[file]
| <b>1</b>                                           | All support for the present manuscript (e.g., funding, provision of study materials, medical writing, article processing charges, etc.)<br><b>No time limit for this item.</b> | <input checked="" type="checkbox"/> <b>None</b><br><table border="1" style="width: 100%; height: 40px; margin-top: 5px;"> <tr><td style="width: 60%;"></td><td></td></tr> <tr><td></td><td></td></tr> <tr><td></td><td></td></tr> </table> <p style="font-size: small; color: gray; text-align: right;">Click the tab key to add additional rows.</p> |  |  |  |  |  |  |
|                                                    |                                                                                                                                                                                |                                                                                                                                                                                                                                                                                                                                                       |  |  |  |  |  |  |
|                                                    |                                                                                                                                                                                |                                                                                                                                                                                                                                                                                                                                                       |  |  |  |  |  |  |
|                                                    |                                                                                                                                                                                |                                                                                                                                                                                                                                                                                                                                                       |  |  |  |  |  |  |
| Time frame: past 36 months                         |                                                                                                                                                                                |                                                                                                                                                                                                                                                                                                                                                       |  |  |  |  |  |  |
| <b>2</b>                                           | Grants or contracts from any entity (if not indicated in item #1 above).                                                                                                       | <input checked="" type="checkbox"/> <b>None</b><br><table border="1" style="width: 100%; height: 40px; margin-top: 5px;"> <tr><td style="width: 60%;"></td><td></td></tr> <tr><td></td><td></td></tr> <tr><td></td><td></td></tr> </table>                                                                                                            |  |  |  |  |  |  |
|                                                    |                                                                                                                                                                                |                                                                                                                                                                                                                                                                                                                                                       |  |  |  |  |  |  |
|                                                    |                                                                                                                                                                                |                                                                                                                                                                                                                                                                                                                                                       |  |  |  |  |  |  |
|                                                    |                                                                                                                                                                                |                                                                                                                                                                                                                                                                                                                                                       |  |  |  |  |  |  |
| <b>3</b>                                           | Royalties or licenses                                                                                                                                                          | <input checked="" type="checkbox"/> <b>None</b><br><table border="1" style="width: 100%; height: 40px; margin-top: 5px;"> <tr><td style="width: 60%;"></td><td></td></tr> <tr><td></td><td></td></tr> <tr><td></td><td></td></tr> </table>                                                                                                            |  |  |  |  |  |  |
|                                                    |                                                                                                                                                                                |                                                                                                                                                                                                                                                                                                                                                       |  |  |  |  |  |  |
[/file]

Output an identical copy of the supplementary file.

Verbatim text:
| <b>1</b>                                           | All support for the present manuscript (e.g., funding, provision of study materials, medical writing, article processing charges, etc.)<br><b>No time limit for this item.</b> | <input checked="" type="checkbox"/> <b>None</b><br><table border="1" style="width: 100%; height: 40px; margin-top: 5px;"> <tr><td style="width: 60%;"></td><td></td></tr> <tr><td></td><td></td></tr> <tr><td></td><td></td></tr> </table> <p style="font-size: small; color: gray; text-align: right;">Click the tab key to add additional rows.</p> |  |  |  |  |  |  |
|                                                    |                                                                                                                                                                                |                                                                                                                                                                                                                                                                                                                                                       |  |  |  |  |  |  |
|                                                    |                                                                                                                                                                                |                                                                                                                                                                                                                                                                                                                                                       |  |  |  |  |  |  |
|                                                    |                                                                                                                                                                                |                                                                                                                                                                                                                                                                                                                                                       |  |  |  |  |  |  |
| Time frame: past 36 months                         |                                                                                                                                                                                |                                                                                                                                                                                                                                                                                                                                                       |  |  |  |  |  |  |
| <b>2</b>                                           | Grants or contracts from any entity (if not indicated in item #1 above).                                                                                                       | <input checked="" type="checkbox"/> <b>None</b><br><table border="1" style="width: 100%; height: 40px; margin-top: 5px;"> <tr><td style="width: 60%;"></td><td></td></tr> <tr><td></td><td></td></tr> <tr><td></td><td></td></tr> </table>                                                                                                            |  |  |  |  |  |  |
|                                                    |                                                                                                                                                                                |                                                                                                                                                                                                                                                                                                                                                       |  |  |  |  |  |  |
|                                                    |                                                                                                                                                                                |                                                                                                                                                                                                                                                                                                                                                       |  |  |  |  |  |  |
|                                                    |                                                                                                                                                                                |                                                                                                                                                                                                                                                                                                                                                       |  |  |  |  |  |  |
| <b>3</b>                                           | Royalties or licenses                                                                                                                                                          | <input checked="" type="checkbox"/> <b>None</b><br><table border="1" style="width: 100%; height: 40px; margin-top: 5px;"> <tr><td style="width: 60%;"></td><td></td></tr> <tr><td></td><td></td></tr> <tr><td></td><td></td></tr> </table>                                                                                                            |  |  |  |  |  |  |
|                                                    |                                                                                                                                                                                |                                                                                                                                                                                                                                                                                                                                                       |  |  |  |  |  |  |